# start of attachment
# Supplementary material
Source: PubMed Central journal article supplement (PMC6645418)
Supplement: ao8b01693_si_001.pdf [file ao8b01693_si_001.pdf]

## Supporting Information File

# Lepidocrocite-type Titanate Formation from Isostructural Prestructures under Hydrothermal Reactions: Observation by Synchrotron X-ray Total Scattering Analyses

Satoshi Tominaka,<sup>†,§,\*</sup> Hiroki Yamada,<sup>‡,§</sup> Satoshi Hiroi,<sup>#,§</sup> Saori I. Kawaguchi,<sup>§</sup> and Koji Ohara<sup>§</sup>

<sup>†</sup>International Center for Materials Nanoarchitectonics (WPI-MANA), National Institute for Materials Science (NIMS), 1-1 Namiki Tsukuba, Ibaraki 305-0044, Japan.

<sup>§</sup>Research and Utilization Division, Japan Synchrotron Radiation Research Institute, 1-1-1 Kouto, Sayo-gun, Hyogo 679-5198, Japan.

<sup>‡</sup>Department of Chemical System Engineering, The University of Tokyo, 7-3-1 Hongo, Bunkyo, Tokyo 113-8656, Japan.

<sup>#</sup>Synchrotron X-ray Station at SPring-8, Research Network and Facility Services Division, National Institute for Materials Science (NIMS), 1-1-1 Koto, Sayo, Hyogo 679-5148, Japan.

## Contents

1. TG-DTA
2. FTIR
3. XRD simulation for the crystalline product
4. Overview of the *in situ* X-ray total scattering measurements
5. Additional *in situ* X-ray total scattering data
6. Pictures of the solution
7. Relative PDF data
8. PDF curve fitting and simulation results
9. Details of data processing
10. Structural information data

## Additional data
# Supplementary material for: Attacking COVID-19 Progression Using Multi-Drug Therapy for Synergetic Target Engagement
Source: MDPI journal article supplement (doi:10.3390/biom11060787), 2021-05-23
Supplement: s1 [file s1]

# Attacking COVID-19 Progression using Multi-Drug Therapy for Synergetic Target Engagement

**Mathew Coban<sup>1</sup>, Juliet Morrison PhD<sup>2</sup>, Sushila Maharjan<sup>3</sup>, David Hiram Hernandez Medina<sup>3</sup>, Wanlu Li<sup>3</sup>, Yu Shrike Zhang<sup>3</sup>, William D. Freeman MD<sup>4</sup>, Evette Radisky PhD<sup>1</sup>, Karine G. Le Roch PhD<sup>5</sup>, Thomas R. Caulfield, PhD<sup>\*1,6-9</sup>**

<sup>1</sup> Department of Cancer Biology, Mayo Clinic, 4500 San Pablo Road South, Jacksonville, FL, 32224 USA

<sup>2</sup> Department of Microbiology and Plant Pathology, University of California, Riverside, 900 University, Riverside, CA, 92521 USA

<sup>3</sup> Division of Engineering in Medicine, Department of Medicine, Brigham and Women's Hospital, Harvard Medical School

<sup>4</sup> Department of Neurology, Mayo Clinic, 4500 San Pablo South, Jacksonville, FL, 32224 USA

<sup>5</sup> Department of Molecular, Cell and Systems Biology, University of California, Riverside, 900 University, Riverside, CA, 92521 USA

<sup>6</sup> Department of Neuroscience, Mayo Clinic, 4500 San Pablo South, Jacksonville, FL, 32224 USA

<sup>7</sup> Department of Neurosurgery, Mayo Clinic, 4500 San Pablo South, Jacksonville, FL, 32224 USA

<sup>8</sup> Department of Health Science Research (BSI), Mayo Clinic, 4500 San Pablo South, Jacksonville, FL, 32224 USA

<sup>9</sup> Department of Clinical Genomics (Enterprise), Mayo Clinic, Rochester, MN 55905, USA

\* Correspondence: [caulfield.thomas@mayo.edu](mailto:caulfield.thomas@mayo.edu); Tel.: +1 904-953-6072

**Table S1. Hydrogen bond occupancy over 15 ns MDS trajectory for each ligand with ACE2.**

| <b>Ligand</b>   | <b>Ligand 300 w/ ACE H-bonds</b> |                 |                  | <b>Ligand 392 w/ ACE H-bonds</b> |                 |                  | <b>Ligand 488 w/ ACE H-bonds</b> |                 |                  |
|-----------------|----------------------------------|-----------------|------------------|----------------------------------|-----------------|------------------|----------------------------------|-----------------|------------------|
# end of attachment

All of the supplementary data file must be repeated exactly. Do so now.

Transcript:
# Supplementary material
Source: PubMed Central journal article supplement (PMC6645418)
Supplement: ao8b01693_si_001.pdf [file ao8b01693_si_001.pdf]

## Supporting Information File

# Lepidocrocite-type Titanate Formation from Isostructural Prestructures under Hydrothermal Reactions: Observation by Synchrotron X-ray Total Scattering Analyses

Satoshi Tominaka,<sup>†,§,\*</sup> Hiroki Yamada,<sup>‡,§</sup> Satoshi Hiroi,<sup>#,§</sup> Saori I. Kawaguchi,<sup>§</sup> and Koji Ohara<sup>§</sup>

<sup>†</sup>International Center for Materials Nanoarchitectonics (WPI-MANA), National Institute for Materials Science (NIMS), 1-1 Namiki Tsukuba, Ibaraki 305-0044, Japan.

<sup>§</sup>Research and Utilization Division, Japan Synchrotron Radiation Research Institute, 1-1-1 Kouto, Sayo-gun, Hyogo 679-5198, Japan.

<sup>‡</sup>Department of Chemical System Engineering, The University of Tokyo, 7-3-1 Hongo, Bunkyo, Tokyo 113-8656, Japan.

<sup>#</sup>Synchrotron X-ray Station at SPring-8, Research Network and Facility Services Division, National Institute for Materials Science (NIMS), 1-1-1 Koto, Sayo, Hyogo 679-5148, Japan.

## Contents

1. TG-DTA
2. FTIR
3. XRD simulation for the crystalline product
4. Overview of the *in situ* X-ray total scattering measurements
5. Additional *in situ* X-ray total scattering data
6. Pictures of the solution
7. Relative PDF data
8. PDF curve fitting and simulation results
9. Details of data processing
10. Structural information data

## Additional data
# Supplementary material for: Attacking COVID-19 Progression Using Multi-Drug Therapy for Synergetic Target Engagement
Source: MDPI journal article supplement (doi:10.3390/biom11060787), 2021-05-23
Supplement: s1 [file s1]

# Attacking COVID-19 Progression using Multi-Drug Therapy for Synergetic Target Engagement

**Mathew Coban<sup>1</sup>, Juliet Morrison PhD<sup>2</sup>, Sushila Maharjan<sup>3</sup>, David Hiram Hernandez Medina<sup>3</sup>, Wanlu Li<sup>3</sup>, Yu Shrike Zhang<sup>3</sup>, William D. Freeman MD<sup>4</sup>, Evette Radisky PhD<sup>1</sup>, Karine G. Le Roch PhD<sup>5</sup>, Thomas R. Caulfield, PhD<sup>\*1,6-9</sup>**

<sup>1</sup> Department of Cancer Biology, Mayo Clinic, 4500 San Pablo Road South, Jacksonville, FL, 32224 USA

<sup>2</sup> Department of Microbiology and Plant Pathology, University of California, Riverside, 900 University, Riverside, CA, 92521 USA

<sup>3</sup> Division of Engineering in Medicine, Department of Medicine, Brigham and Women's Hospital, Harvard Medical School

<sup>4</sup> Department of Neurology, Mayo Clinic, 4500 San Pablo South, Jacksonville, FL, 32224 USA

<sup>5</sup> Department of Molecular, Cell and Systems Biology, University of California, Riverside, 900 University, Riverside, CA, 92521 USA

<sup>6</sup> Department of Neuroscience, Mayo Clinic, 4500 San Pablo South, Jacksonville, FL, 32224 USA

<sup>7</sup> Department of Neurosurgery, Mayo Clinic, 4500 San Pablo South, Jacksonville, FL, 32224 USA

<sup>8</sup> Department of Health Science Research (BSI), Mayo Clinic, 4500 San Pablo South, Jacksonville, FL, 32224 USA

<sup>9</sup> Department of Clinical Genomics (Enterprise), Mayo Clinic, Rochester, MN 55905, USA

\* Correspondence: [caulfield.thomas@mayo.edu](mailto:caulfield.thomas@mayo.edu); Tel.: +1 904-953-6072

**Table S1. Hydrogen bond occupancy over 15 ns MDS trajectory for each ligand with ACE2.**

| <b>Ligand</b>   | <b>Ligand 300 w/ ACE H-bonds</b> |                 |                  | <b>Ligand 392 w/ ACE H-bonds</b> |                 |                  | <b>Ligand 488 w/ ACE H-bonds</b> |                 |                  |
|-----------------|----------------------------------|-----------------|------------------|----------------------------------|-----------------|------------------|----------------------------------|-----------------|------------------|